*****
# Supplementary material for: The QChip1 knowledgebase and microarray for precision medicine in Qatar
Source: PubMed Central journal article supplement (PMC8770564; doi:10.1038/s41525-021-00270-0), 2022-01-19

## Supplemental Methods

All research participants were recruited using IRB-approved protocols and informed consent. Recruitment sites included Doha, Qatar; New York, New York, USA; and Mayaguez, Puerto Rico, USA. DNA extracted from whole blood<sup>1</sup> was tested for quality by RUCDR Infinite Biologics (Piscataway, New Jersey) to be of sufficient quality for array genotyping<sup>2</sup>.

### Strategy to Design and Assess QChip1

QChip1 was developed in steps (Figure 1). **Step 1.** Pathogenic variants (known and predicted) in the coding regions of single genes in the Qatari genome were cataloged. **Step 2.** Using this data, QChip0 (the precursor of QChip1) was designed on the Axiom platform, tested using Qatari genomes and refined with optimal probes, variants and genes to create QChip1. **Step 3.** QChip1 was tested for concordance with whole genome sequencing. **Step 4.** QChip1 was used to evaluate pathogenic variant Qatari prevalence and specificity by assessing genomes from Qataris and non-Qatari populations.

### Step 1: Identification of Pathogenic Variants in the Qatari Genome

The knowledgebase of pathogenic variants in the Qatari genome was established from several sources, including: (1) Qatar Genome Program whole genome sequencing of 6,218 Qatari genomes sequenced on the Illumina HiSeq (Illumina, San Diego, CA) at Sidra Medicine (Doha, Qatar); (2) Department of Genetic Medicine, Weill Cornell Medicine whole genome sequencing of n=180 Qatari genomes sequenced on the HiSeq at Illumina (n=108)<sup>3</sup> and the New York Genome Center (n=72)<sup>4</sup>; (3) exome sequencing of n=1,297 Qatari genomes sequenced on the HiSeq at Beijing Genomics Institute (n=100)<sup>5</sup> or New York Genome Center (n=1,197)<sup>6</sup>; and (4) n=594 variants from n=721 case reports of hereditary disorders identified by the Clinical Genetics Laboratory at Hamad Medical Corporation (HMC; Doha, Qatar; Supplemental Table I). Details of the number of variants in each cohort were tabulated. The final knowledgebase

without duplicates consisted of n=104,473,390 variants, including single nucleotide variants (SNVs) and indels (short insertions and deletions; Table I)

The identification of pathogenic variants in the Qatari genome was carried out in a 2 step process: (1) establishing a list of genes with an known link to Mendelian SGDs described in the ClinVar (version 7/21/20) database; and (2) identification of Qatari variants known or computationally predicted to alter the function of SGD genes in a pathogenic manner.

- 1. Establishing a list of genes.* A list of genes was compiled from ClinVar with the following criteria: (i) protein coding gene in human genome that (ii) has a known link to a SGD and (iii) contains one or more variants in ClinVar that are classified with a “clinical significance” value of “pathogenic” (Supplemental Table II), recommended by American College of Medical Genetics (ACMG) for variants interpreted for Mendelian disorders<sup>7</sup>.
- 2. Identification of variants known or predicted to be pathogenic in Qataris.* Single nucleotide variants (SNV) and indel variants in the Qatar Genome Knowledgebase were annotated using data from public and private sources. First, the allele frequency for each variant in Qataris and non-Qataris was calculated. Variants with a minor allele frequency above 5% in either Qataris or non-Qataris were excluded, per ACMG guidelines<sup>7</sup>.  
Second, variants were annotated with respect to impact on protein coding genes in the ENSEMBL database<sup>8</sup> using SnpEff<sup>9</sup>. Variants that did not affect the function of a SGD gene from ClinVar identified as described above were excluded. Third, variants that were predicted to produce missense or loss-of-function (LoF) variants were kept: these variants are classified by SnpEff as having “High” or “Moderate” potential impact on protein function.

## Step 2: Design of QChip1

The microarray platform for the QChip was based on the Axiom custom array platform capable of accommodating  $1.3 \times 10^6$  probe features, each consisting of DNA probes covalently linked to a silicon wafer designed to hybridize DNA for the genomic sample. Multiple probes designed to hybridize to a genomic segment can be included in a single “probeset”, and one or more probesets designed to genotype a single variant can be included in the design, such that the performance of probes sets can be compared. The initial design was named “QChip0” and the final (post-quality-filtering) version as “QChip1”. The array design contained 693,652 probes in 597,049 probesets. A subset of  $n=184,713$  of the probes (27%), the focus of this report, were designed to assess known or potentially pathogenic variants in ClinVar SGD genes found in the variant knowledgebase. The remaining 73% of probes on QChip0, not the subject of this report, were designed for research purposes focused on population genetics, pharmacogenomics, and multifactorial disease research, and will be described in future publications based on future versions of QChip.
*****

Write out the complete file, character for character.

# Supplementary material for: The QChip1 knowledgebase and microarray for precision medicine in Qatar
Source: PubMed Central journal article supplement (PMC8770564; doi:10.1038/s41525-021-00270-0), 2022-01-19

## Supplemental Methods

All research participants were recruited using IRB-approved protocols and informed consent. Recruitment sites included Doha, Qatar; New York, New York, USA; and Mayaguez, Puerto Rico, USA. DNA extracted from whole blood<sup>1</sup> was tested for quality by RUCDR Infinite Biologics (Piscataway, New Jersey) to be of sufficient quality for array genotyping<sup>2</sup>.

### Strategy to Design and Assess QChip1

QChip1 was developed in steps (Figure 1). **Step 1.** Pathogenic variants (known and predicted) in the coding regions of single genes in the Qatari genome were cataloged. **Step 2.** Using this data, QChip0 (the precursor of QChip1) was designed on the Axiom platform, tested using Qatari genomes and refined with optimal probes, variants and genes to create QChip1. **Step 3.** QChip1 was tested for concordance with whole genome sequencing. **Step 4.** QChip1 was used to evaluate pathogenic variant Qatari prevalence and specificity by assessing genomes from Qataris and non-Qatari populations.

### Step 1: Identification of Pathogenic Variants in the Qatari Genome

The knowledgebase of pathogenic variants in the Qatari genome was established from several sources, including: (1) Qatar Genome Program whole genome sequencing of 6,218 Qatari genomes sequenced on the Illumina HiSeq (Illumina, San Diego, CA) at Sidra Medicine (Doha, Qatar); (2) Department of Genetic Medicine, Weill Cornell Medicine whole genome sequencing of n=180 Qatari genomes sequenced on the HiSeq at Illumina (n=108)<sup>3</sup> and the New York Genome Center (n=72)<sup>4</sup>; (3) exome sequencing of n=1,297 Qatari genomes sequenced on the HiSeq at Beijing Genomics Institute (n=100)<sup>5</sup> or New York Genome Center (n=1,197)<sup>6</sup>; and (4) n=594 variants from n=721 case reports of hereditary disorders identified by the Clinical Genetics Laboratory at Hamad Medical Corporation (HMC; Doha, Qatar; Supplemental Table I). Details of the number of variants in each cohort were tabulated. The final knowledgebase

without duplicates consisted of n=104,473,390 variants, including single nucleotide variants (SNVs) and indels (short insertions and deletions; Table I)

The identification of pathogenic variants in the Qatari genome was carried out in a 2 step process: (1) establishing a list of genes with an known link to Mendelian SGDs described in the ClinVar (version 7/21/20) database; and (2) identification of Qatari variants known or computationally predicted to alter the function of SGD genes in a pathogenic manner.

- 1. Establishing a list of genes.* A list of genes was compiled from ClinVar with the following criteria: (i) protein coding gene in human genome that (ii) has a known link to a SGD and (iii) contains one or more variants in ClinVar that are classified with a “clinical significance” value of “pathogenic” (Supplemental Table II), recommended by American College of Medical Genetics (ACMG) for variants interpreted for Mendelian disorders<sup>7</sup>.
- 2. Identification of variants known or predicted to be pathogenic in Qataris.* Single nucleotide variants (SNV) and indel variants in the Qatar Genome Knowledgebase were annotated using data from public and private sources. First, the allele frequency for each variant in Qataris and non-Qataris was calculated. Variants with a minor allele frequency above 5% in either Qataris or non-Qataris were excluded, per ACMG guidelines<sup>7</sup>.  
Second, variants were annotated with respect to impact on protein coding genes in the ENSEMBL database<sup>8</sup> using SnpEff<sup>9</sup>. Variants that did not affect the function of a SGD gene from ClinVar identified as described above were excluded. Third, variants that were predicted to produce missense or loss-of-function (LoF) variants were kept: these variants are classified by SnpEff as having “High” or “Moderate” potential impact on protein function.

## Step 2: Design of QChip1

The microarray platform for the QChip was based on the Axiom custom array platform capable of accommodating  $1.3 \times 10^6$  probe features, each consisting of DNA probes covalently linked to a silicon wafer designed to hybridize DNA for the genomic sample. Multiple probes designed to hybridize to a genomic segment can be included in a single “probeset”, and one or more probesets designed to genotype a single variant can be included in the design, such that the performance of probes sets can be compared. The initial design was named “QChip0” and the final (post-quality-filtering) version as “QChip1”. The array design contained 693,652 probes in 597,049 probesets. A subset of  $n=184,713$  of the probes (27%), the focus of this report, were designed to assess known or potentially pathogenic variants in ClinVar SGD genes found in the variant knowledgebase. The remaining 73% of probes on QChip0, not the subject of this report, were designed for research purposes focused on population genetics, pharmacogenomics, and multifactorial disease research, and will be described in future publications based on future versions of QChip.